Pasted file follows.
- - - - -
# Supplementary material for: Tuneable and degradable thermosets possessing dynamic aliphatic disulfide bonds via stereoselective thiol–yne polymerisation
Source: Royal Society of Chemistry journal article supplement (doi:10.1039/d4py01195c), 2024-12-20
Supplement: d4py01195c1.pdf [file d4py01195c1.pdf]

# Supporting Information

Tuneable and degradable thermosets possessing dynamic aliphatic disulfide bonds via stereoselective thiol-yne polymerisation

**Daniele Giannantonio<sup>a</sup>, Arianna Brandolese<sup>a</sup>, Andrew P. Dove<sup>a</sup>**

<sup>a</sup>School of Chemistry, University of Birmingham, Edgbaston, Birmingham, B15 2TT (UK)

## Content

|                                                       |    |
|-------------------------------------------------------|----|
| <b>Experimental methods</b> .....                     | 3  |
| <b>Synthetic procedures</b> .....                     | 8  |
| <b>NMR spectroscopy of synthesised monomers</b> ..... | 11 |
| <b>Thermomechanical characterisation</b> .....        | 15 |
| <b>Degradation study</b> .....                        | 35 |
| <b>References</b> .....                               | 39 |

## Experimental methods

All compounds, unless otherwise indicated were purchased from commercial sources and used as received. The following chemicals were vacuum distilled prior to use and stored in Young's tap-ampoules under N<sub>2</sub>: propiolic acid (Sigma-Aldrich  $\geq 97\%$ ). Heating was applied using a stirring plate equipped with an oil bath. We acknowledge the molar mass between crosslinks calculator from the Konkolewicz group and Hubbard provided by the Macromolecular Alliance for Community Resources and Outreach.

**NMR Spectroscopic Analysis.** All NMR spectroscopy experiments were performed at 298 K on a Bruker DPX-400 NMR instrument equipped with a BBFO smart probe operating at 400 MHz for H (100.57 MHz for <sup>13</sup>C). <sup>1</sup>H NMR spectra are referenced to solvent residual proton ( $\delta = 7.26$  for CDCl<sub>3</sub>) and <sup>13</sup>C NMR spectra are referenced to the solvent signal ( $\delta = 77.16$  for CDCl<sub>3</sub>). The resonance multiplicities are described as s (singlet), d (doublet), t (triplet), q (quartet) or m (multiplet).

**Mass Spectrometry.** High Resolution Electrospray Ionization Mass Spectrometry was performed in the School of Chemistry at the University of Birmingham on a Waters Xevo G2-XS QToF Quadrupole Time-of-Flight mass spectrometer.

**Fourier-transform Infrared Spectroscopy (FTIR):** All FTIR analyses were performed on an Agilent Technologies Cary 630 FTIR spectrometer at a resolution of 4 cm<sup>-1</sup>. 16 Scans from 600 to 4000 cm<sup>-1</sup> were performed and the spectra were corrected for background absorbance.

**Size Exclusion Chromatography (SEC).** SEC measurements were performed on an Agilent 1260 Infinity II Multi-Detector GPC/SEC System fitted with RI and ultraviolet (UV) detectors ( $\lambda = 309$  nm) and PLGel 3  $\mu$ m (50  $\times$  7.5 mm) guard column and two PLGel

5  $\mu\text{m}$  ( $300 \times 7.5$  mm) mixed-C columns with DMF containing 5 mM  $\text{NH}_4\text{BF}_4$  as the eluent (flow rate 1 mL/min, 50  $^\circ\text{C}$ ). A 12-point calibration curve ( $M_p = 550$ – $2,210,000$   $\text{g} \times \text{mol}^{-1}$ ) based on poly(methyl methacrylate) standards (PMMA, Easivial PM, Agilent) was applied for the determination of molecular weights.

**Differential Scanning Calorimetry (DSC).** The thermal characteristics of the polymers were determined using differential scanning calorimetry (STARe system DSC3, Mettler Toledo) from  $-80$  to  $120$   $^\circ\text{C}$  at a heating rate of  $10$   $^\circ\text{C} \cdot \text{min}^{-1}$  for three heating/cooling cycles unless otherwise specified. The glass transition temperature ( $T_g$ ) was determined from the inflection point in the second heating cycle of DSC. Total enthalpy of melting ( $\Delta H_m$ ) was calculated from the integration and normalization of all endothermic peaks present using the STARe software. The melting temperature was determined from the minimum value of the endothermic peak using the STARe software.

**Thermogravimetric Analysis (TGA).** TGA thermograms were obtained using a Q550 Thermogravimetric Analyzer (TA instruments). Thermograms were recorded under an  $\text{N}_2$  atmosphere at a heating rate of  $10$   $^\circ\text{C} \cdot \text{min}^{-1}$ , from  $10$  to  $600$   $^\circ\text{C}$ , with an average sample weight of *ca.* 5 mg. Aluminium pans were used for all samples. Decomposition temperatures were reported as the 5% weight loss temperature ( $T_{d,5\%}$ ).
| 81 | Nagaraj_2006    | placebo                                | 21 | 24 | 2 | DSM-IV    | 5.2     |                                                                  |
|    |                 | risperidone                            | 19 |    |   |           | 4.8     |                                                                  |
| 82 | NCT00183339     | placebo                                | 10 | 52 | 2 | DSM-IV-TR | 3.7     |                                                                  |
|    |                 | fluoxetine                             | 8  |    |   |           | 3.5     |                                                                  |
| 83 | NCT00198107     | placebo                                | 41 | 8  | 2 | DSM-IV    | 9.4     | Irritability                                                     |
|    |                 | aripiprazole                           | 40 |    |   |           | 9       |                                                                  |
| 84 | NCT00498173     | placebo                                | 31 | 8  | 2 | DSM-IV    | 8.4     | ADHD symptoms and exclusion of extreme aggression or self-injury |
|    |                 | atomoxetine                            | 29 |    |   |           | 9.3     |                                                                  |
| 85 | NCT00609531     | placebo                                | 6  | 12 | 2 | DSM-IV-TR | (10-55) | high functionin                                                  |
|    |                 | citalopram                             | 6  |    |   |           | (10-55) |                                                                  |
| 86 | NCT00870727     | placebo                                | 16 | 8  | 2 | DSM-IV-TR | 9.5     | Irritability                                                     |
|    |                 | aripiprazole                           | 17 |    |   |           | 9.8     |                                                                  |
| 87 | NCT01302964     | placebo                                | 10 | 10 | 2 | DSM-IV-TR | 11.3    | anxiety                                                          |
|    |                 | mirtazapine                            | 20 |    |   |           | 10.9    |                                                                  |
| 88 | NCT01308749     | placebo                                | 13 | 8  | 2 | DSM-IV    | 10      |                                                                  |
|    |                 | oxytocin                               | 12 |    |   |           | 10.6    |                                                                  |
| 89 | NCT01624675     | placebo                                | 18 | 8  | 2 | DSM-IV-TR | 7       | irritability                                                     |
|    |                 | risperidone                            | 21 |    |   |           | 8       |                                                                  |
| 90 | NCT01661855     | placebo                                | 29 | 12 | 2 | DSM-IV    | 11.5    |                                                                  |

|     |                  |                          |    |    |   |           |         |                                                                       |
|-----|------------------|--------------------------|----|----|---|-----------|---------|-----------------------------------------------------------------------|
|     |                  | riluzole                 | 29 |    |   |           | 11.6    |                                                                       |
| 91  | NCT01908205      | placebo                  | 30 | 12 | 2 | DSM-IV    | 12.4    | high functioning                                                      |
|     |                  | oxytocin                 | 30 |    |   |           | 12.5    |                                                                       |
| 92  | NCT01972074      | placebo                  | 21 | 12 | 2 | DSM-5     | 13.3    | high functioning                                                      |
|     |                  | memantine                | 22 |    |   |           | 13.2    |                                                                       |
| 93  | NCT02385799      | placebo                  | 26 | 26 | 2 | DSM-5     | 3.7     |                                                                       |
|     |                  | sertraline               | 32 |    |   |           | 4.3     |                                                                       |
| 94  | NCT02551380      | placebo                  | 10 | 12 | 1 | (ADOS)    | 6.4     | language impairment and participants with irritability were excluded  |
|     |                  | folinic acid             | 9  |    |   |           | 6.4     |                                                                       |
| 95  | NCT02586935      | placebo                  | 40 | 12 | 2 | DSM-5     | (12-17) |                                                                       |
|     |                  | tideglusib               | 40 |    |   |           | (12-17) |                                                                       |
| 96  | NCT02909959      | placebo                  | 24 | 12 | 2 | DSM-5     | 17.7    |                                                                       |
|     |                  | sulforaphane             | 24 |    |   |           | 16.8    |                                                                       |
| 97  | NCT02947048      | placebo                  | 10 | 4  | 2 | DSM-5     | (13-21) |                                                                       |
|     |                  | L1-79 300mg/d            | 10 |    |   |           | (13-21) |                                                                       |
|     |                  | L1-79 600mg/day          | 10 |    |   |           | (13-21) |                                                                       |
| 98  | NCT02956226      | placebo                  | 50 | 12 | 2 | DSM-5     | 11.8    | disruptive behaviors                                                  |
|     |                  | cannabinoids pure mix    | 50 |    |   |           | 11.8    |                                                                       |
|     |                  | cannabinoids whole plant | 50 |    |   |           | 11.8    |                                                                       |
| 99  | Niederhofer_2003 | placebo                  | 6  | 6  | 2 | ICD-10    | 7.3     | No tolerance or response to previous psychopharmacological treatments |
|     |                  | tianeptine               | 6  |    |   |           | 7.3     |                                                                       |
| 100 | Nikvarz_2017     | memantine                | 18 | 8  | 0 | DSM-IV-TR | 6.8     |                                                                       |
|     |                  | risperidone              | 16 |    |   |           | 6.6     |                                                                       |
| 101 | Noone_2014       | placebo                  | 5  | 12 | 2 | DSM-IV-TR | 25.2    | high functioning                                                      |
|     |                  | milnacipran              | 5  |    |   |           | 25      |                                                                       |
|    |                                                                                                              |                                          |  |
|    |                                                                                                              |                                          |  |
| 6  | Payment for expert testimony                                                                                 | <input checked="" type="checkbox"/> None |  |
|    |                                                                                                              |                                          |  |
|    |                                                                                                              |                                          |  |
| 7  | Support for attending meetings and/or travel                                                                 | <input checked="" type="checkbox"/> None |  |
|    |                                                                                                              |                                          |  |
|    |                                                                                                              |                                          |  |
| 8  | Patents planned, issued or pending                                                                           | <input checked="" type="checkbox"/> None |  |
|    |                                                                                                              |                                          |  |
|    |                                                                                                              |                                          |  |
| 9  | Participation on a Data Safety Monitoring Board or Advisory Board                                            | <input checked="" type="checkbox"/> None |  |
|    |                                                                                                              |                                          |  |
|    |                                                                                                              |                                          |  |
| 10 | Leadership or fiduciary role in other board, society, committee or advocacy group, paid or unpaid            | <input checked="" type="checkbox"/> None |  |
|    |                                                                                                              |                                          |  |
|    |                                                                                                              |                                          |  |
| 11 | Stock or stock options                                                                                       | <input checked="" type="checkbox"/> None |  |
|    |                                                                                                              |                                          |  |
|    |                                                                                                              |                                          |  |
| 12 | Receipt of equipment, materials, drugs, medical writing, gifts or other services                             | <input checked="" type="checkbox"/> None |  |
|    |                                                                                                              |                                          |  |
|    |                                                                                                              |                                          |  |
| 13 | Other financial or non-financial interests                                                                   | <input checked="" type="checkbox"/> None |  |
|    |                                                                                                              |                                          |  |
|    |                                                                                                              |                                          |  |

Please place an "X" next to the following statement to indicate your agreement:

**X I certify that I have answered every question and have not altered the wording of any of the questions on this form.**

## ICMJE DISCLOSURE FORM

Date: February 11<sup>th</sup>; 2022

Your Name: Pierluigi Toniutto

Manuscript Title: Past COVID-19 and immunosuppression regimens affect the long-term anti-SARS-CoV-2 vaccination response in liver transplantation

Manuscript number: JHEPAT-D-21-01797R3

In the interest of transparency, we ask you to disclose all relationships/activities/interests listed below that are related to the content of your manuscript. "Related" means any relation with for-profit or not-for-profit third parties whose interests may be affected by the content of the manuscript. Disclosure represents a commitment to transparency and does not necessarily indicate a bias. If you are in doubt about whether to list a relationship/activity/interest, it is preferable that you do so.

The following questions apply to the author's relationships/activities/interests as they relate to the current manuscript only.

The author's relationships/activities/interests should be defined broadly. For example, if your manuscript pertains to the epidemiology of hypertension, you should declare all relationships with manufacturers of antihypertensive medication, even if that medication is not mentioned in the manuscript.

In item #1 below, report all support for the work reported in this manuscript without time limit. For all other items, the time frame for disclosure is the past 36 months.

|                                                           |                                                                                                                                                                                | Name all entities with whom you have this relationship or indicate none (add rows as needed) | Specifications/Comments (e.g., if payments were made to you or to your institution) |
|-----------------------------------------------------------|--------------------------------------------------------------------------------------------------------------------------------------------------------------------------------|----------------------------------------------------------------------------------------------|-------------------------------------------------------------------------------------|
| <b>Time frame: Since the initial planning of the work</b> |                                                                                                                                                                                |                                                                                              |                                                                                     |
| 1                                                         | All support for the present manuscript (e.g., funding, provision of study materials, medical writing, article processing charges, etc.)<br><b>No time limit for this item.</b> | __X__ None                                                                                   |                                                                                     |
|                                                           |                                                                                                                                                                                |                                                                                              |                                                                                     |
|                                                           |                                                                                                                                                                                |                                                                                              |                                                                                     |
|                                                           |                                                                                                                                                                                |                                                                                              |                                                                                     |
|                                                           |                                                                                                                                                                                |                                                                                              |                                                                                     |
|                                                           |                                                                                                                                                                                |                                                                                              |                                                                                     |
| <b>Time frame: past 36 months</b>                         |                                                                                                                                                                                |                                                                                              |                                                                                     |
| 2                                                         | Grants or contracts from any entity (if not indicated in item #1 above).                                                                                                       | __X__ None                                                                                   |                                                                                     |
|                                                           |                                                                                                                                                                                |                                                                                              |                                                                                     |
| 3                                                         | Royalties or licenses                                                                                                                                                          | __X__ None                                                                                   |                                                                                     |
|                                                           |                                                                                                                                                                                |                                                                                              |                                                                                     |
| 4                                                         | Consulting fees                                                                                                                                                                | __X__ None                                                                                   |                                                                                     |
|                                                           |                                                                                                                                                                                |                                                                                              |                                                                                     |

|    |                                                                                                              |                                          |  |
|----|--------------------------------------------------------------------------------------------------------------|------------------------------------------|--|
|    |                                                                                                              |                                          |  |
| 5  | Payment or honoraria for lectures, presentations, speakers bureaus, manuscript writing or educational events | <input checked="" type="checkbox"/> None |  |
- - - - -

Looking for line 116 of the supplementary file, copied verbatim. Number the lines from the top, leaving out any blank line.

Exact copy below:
|                                                           |                                                                                                                                                                                |                                                                                              |                                                                                     |